The issue of unemployment remains a prominent topic for political and social discussion, exacerbated by the COVID-19 lockdown. With this in mind, Centre for Work and Welfare (CWW) at the IMPRI Impact and Policy Research Institute and Centre for Development, Communication and Studies (CDECS), Jaipur organized a panel discussion under The State of Development Discourses – #CohesiveDevelopment on “How to Resolve Unemployment Problem in India”
Dr Arjun Kumar, Director at IMPRI gave a brief presentation to provide an overview of the unemployment crisis in India. The sources of employment statistics in India include Census, National Sample Surveys (NSS), Periodic Labour Force Surveys (PLFS), Labour Bureau, Chandigarh, Government Registries such as Employment Exchange and Migration Data, Private Databases such as Centre for Monitoring Indian Economy (CMIE) and IMPRI, Government Databases such as Employees’ Provident Fund Organisation (EPFO) and MNREGS, Corporate Databases such as Naukri.com and LinkedIn, and Independent HR.
Looking at the trends in unemployment, certain features stand out:
- Since 2010, the unemployment rate has been declining across all age groups.
- Starting from 2017, the rate hovered around 4%, rising to 6-7% within two years and jumping to 25% due to the lockdown measures. The rate then moved in tandem with the COVID-19 waves. The rise in the unemployment rate during the second wave was not as devastating as the first one.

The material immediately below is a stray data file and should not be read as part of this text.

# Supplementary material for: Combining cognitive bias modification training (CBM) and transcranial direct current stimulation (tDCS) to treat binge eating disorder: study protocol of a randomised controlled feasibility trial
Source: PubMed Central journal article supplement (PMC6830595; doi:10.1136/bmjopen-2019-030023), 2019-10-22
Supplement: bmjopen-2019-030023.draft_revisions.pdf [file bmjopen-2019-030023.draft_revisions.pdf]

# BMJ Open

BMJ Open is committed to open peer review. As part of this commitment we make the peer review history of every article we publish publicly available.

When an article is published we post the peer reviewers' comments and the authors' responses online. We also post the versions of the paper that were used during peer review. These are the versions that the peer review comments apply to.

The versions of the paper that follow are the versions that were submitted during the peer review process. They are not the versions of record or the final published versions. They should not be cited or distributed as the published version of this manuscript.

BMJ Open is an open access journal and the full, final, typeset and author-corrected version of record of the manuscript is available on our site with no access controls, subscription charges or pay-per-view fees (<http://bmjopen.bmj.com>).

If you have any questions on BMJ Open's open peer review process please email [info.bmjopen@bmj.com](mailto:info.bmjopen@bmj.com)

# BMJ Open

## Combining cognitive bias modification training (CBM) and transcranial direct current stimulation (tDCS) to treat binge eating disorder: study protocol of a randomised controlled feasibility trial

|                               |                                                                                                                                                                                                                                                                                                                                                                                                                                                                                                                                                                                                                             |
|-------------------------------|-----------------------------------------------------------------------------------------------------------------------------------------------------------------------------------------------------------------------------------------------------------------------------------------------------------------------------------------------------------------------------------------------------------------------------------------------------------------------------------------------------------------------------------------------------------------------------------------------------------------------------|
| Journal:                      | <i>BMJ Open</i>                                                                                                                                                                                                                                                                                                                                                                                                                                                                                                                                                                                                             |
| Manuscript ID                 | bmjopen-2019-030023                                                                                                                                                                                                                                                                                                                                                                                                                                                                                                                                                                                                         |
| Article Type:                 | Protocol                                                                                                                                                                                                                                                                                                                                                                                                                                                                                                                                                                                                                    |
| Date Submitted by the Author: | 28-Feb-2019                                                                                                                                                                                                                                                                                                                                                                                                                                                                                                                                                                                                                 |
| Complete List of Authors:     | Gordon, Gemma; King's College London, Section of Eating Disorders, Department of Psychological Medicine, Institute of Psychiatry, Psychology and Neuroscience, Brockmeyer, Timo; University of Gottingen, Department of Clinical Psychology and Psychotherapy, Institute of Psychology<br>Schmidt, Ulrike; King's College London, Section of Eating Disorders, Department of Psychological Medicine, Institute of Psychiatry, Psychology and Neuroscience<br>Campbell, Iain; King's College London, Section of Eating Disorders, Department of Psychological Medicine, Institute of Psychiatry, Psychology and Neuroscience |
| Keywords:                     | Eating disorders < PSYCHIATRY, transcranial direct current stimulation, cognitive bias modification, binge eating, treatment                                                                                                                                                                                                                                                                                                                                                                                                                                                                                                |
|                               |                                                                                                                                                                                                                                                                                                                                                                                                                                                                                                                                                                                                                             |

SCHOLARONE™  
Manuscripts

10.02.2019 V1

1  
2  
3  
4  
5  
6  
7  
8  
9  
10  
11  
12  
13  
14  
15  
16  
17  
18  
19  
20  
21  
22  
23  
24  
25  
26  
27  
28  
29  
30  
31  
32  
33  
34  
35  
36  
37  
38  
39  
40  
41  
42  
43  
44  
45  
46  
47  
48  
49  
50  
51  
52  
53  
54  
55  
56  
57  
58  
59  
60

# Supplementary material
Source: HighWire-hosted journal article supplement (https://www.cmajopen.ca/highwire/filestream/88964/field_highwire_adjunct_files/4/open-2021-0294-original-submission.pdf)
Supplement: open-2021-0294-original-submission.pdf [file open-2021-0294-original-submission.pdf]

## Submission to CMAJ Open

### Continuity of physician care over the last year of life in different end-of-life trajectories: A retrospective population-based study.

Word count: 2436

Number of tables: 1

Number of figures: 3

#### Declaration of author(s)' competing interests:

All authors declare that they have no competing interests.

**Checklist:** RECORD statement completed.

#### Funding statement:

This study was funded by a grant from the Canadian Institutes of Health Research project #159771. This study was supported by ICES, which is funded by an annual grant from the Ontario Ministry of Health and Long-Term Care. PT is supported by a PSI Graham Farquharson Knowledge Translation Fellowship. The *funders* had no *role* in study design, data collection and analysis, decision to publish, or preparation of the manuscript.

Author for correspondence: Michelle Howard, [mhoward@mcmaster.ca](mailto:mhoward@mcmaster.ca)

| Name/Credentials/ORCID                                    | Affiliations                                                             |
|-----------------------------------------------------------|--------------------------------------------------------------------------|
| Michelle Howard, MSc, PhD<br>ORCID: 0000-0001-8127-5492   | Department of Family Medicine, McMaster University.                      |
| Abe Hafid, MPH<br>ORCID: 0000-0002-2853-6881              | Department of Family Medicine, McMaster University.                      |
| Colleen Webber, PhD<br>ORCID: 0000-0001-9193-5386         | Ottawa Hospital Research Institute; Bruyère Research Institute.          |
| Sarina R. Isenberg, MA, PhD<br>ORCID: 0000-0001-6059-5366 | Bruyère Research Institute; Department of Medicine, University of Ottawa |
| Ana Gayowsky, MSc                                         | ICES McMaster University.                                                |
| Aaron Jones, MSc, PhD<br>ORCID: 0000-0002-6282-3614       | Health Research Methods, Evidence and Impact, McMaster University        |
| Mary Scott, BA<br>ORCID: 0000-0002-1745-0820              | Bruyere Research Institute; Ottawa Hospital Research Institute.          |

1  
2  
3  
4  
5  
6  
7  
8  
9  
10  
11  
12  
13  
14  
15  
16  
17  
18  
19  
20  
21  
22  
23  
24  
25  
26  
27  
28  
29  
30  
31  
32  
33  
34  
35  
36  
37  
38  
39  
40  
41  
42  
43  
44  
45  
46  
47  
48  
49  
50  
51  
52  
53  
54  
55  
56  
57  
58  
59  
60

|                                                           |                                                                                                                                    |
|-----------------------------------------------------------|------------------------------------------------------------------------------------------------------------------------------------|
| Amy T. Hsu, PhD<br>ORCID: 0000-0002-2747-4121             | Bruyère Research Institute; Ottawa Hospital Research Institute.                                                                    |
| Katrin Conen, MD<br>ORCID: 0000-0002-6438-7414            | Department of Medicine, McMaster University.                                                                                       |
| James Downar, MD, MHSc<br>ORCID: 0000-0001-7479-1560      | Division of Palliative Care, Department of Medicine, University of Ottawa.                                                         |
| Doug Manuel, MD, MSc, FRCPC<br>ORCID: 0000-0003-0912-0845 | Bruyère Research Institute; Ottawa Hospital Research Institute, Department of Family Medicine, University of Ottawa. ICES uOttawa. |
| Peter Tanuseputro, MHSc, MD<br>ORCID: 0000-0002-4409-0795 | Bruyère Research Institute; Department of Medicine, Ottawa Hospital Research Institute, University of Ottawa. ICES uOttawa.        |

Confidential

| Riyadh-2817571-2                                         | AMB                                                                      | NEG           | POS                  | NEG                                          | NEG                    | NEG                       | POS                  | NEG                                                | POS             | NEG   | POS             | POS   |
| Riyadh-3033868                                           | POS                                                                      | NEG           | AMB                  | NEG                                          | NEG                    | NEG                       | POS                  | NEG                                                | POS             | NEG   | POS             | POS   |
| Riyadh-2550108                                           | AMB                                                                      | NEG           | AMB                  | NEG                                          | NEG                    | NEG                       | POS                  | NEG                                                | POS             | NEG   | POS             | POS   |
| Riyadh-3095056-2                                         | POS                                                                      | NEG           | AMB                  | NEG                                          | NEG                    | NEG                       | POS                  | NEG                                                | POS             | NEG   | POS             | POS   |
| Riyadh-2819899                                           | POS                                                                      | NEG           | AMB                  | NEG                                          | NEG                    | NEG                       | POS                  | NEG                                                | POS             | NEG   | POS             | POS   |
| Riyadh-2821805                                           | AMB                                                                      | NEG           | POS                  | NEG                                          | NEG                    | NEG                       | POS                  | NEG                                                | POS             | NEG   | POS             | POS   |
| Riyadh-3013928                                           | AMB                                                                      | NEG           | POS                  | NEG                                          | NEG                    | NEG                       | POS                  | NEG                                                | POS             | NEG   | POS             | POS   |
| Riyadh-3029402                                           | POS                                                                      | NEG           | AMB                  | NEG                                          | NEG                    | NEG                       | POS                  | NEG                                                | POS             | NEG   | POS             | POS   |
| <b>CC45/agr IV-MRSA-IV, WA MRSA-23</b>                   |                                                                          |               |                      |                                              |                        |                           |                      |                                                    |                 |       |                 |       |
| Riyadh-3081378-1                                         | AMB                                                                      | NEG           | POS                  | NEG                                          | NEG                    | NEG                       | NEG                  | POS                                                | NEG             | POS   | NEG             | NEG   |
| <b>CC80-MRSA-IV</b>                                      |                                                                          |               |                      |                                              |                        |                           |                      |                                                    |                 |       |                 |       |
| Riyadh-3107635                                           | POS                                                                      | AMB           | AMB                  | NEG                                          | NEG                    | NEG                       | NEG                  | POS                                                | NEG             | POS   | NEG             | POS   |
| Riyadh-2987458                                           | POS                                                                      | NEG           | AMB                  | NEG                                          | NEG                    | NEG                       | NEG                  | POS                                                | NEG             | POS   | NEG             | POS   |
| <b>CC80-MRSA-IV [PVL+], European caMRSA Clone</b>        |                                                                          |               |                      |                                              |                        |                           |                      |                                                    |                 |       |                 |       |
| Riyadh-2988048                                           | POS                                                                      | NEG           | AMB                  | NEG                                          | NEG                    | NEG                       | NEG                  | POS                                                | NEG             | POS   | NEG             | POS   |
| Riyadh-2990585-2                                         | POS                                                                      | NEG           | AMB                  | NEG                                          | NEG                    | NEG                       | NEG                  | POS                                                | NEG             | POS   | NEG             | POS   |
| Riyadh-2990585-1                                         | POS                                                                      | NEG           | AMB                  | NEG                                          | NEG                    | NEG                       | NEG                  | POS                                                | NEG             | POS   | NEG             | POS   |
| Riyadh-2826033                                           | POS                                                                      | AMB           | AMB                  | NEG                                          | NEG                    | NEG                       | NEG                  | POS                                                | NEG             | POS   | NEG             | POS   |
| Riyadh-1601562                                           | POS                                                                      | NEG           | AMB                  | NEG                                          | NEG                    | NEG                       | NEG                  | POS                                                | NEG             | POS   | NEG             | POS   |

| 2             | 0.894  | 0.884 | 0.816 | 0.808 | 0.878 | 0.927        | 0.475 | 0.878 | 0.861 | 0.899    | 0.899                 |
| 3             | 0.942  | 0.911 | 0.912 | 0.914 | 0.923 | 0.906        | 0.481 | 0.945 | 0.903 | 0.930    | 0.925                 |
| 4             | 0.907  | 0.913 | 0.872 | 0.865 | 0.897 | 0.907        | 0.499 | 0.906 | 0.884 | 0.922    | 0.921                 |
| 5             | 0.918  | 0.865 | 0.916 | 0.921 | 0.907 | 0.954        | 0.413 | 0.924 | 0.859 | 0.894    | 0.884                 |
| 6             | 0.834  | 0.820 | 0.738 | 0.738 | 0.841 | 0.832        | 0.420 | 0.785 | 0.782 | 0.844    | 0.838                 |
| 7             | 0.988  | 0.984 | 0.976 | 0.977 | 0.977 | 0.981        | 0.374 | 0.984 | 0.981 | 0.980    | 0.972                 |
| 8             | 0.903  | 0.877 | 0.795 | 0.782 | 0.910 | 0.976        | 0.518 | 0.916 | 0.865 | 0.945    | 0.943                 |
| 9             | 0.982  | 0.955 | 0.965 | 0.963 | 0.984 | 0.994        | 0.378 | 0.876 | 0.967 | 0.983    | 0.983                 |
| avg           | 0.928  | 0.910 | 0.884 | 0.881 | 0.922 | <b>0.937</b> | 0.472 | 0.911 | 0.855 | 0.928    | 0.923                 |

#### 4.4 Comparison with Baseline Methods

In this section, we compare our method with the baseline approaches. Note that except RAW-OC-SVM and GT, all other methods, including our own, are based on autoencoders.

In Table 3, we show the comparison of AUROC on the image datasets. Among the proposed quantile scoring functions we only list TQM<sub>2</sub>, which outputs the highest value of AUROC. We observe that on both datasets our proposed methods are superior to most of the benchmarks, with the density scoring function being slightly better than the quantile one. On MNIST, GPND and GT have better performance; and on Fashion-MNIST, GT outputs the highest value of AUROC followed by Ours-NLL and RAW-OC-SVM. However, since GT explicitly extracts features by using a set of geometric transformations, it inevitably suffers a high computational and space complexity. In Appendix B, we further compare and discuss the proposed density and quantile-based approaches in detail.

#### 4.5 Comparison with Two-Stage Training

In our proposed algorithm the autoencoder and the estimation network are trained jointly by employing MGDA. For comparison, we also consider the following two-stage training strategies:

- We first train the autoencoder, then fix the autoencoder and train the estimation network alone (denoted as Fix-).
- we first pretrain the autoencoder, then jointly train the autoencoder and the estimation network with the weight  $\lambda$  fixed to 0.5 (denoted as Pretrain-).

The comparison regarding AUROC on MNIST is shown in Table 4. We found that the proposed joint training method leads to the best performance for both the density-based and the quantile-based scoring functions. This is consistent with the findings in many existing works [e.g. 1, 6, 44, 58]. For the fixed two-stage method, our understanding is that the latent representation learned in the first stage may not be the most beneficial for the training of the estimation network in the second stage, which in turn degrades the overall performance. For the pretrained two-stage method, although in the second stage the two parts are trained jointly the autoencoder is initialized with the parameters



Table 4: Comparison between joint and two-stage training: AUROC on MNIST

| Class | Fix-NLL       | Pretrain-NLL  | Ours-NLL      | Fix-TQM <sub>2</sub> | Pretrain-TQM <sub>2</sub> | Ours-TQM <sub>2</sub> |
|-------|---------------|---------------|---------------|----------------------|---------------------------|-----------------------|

- Among daily wage workers and salaries workers, the former have been the most hard- hit.
- Women’s labour force participation has been declining, especially the youth in the marginalised classes.
- India has not been able to reap the benefits of demographic dividend as only 5.5 million additional jobs have been created against 8 million youth joining the labour force during 2017-18.
Lack of policy and statistical architecture including industrial policy and employment policy, youth and female unemployment, and livelihoods in lockdown are pertinent issues facing policy makers and the country.
Ms Sonia George, Secretary, Self-Employed Women’s Association (SEWA), Kerala, called for rethinking the definition of unemployment. The binary concepts of employment and unemployment do not seem to work when we consider that most people employed in the informal sector are not considered to be ‘job-seekers’. For example, services, frontline and home-based workers.
National Rural Livelihood Mission, National Urban Livelihood Mission and other government programs are based on the concept of building self-help groups for credit and skill. Ms George questioned the ability and sustainability of these methods to generate jobs and enterprises.
Unpaid labour of women has largely subsidized the economy. In addition to this, the care economy also remains undocumented. Establishment of these jobs and strengthening social security are some solutions. Incorporation of these in the formalization process and consideration as a source for employment generation is the way forward.